Financial Modelling – Sensitivity and Scenario Analysis

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If a financial model is setup using best practice modelling techniques then putting sensitivities and scenarios should be simple. In this blog tutorial we look at setting up a sensitivity/scenario analysis manager.

Before we start you might be wondering what the difference between a sensitivity and scenario is. Well a sensitivity only flexes of one input, whilst a scenario flexes multiple inputs. It’s that simple.

About the Inputs/Assumptions

As we mentioned setting up assumptions sheets using best practice modelling techniques will make your job of putting sensitivities and scenarios in much easier.

At Video Financial Modelling we usually have one assumption sheet for a simple financial model and two assumptions sheets for complex financial models. The two assumptions sheets for a complex financial model are:

  1. A static assumptions sheet – inputs that don’t change over time. For example a scheduled construction end date.
  2. A time-series assumptions sheet – inputs that can change over time. For example inflation indices.

Setting up a sensitivity or scenario analysis

Below are brief instructions to setup a sensitivity or scenario analysis manager.

Step 1: The first step in setting up a sensitivity or scenario analysis is to incorporate, what we like to call a scenario selector. The scenario selector is simply a number between 1 and the “maximum number of scenarios you want to run”. For example say you want to run ten sensitivities/scenarios, then the maximum number you’d put in your scenario selector would be ten.

A simple scenario selector would just look like this.

Not much to it is there? Bear with us though, we will get into the detail.

Step 2: Now that you’ve got a scenario selector let’s move onto incorporating a simple offset formula. The basis of this formula is to grab the relevant data from the selected scenario. The form of the formula we usually use for this is:

= offset(current cell reference, ,scenario selector) for static pages

= offset(current cell reference, scenario selector,) for time-series pages

Obviously if you have rows/columns in between the actual assumption you use in your model and your input, then you may need to adjust the above formula.

Step 3: So what happens if you want to use scenario 1’s input if you don’t have any data in the selected scenario? Well that is easy, we just add an IF statement in as shown below.

=if(offset(current cell reference, ,scenario selector)=””,scenario 1 cell, offset(current cell reference, ,scenario selector)) – for a static sheet

Obviously it is nearly the same for a time-series assumptions sheet.

The logic behind this is that we don’t have to put all inputs in for every different scenario we do. We just put in the inputs we want to change from the scenario 1 (usually called the base case).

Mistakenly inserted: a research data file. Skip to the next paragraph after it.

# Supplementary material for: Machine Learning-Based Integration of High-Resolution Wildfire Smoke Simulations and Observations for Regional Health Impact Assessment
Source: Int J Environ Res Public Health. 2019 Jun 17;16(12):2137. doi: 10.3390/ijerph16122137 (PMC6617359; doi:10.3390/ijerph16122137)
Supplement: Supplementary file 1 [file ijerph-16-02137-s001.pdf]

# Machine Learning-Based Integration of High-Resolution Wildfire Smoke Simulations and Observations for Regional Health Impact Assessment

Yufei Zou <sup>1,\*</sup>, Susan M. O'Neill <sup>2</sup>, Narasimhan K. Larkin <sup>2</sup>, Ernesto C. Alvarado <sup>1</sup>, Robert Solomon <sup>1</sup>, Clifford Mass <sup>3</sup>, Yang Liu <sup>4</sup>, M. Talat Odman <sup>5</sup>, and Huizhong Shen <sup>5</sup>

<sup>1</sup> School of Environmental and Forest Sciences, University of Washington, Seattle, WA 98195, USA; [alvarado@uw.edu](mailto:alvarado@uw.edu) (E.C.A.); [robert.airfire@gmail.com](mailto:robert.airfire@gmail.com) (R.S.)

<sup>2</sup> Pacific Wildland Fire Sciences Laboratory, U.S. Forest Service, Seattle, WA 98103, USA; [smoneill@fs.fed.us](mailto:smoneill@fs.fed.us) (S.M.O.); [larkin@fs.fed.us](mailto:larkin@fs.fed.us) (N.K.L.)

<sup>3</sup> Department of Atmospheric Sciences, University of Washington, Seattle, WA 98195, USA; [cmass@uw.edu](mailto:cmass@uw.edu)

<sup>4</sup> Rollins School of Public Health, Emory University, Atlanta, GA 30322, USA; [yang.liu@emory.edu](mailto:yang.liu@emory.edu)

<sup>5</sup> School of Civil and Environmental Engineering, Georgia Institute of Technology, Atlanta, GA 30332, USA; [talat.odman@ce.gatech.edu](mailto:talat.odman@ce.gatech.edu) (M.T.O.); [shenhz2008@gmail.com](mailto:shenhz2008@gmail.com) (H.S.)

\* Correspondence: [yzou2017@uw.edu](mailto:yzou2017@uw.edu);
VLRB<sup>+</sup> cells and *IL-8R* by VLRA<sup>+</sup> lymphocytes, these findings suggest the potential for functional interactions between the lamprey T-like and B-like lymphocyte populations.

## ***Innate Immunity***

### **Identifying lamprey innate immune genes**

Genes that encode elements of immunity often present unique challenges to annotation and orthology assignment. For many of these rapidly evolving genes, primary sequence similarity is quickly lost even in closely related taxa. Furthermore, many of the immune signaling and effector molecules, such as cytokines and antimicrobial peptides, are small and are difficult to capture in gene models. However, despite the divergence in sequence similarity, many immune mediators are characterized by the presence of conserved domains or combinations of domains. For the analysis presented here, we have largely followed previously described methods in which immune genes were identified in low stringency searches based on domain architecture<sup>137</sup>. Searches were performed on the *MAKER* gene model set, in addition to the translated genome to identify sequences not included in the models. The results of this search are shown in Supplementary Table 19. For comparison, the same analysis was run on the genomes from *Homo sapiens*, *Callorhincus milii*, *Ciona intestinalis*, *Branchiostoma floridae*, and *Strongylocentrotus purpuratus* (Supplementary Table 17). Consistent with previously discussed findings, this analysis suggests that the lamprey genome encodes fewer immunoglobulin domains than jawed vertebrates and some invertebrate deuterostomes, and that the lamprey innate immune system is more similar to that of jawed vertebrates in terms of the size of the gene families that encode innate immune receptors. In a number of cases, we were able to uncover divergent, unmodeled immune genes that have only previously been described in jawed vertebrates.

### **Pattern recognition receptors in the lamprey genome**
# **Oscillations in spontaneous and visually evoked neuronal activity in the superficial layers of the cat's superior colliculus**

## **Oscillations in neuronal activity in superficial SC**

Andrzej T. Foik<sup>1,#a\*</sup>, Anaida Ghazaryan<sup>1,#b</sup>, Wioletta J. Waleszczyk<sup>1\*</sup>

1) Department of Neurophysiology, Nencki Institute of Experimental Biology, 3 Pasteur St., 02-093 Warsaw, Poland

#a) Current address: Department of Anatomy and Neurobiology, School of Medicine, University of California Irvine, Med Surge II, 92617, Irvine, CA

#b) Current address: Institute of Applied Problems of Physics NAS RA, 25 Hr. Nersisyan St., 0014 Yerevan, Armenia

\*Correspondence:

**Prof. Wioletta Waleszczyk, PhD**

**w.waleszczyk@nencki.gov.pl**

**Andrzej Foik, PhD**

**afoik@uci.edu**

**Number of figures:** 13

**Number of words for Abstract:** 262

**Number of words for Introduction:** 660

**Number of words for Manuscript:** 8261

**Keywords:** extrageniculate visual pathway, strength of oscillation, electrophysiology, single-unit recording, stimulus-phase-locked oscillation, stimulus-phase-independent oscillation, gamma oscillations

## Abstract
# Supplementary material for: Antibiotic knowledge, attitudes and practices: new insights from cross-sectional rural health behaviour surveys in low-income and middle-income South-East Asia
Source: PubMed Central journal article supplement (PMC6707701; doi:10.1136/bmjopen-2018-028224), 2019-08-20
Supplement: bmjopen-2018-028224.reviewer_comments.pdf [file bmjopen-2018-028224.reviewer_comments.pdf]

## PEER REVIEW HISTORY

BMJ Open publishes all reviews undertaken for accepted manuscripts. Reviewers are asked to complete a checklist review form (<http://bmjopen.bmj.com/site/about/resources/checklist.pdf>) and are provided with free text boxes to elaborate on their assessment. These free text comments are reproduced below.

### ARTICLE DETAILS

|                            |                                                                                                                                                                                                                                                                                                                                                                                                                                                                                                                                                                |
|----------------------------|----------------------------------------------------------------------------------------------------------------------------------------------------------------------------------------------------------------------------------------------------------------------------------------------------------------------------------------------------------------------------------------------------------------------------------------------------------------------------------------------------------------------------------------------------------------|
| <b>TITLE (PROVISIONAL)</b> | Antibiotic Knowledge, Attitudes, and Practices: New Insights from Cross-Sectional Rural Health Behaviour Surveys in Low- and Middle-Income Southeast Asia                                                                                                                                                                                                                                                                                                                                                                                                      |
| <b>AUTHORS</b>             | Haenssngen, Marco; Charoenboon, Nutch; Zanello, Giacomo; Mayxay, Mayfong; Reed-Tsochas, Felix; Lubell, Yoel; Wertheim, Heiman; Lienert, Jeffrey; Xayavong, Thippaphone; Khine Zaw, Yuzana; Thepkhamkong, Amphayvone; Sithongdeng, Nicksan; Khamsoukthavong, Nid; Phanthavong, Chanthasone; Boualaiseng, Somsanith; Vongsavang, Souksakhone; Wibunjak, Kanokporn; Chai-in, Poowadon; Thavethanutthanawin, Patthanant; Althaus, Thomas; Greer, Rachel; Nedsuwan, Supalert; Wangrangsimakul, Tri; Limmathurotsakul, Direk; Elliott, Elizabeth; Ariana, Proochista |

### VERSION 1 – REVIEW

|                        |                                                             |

Sensitivity and Scenario Example

Ok, this might be confusing right now, but once we look at the below example our methodology should become apparent. You can follow the example by downloading the accompanying spreadsheet and YouTube video.

Say we had the following inputs and we wanted to find the NPV of equity distributions. Let’s assume there are no taxes and our profit is fully distributed to shareholders as there is no debt in the company.

Now let’s put in a scenario selector (Step 1 above). Obviously this scenario selector will not work on its own, so let’s now put in a an offset formula as per Step 2 above. The result is shown below. Now all our inputs will be moved to the 1st scenario and the formula will be placed where we previously had inputs.

Ok let’s now run a scenario, say scenario 2. Let’s put in revenue of 55 and operating expenses of 40. What happens? Because we don’t have inflation (and haven’t incorporated Step 3 above) in we won’t have any inflation.

Let’s change the formula as per Step 3 above to get:

Now we have an active scenario manager which we can change and run scenarios on. Putting it all together you should get an NPV of equity distributions of 135 for the base case and 101 for scenario 2. See the below picture or download the spreadsheet to see the workings.

Now for all of you out there who think you’ve got it why don’t you try this one. Find the NPV of the equity distributions if the inflation is 2.5% for the first five years and 7% for the next five years. Hint: Your scenarios will need to go down the page as this is now a time-series assumption (i.e. changes over time). The NPV of the equity distributions you should come out to be 137.

If you liked this tutorial, try one of our Financial Modelling or Excel training courses today.

By | 2011-11-21T20:51:09+00:00 November 21st, 2011|Blog|3 Comments

3 Comments

  1. Michael November 21, 2011 at 9:48 pm - Reply

    Thanks for providing this tutorial, great work & quite useful!

    As a little suggestion, you may also want to include data tables in this subject matter, as these are typically used to show sensitivities.

    The Data tables are in Data > What-If Analysis > Data Tables.

    You input the metric to be analysed in the top left of the table, select the table and create data table, and select which variable the row and collumn should reflect from the model, and the table values will then automatically generate.

    Highly useful for presentations.

    Michael
    http://www.michaeldignam.com.au

    • admin November 25, 2011 at 9:35 pm - Reply

      Thanks for the comment Michael.

      I definitely agree data tables can be useful in some situations. Maybe this is a topic for another day.

  2. Investorpedia January 4, 2012 at 6:01 am - Reply

    Nice Tutorial..Thanks 🙂

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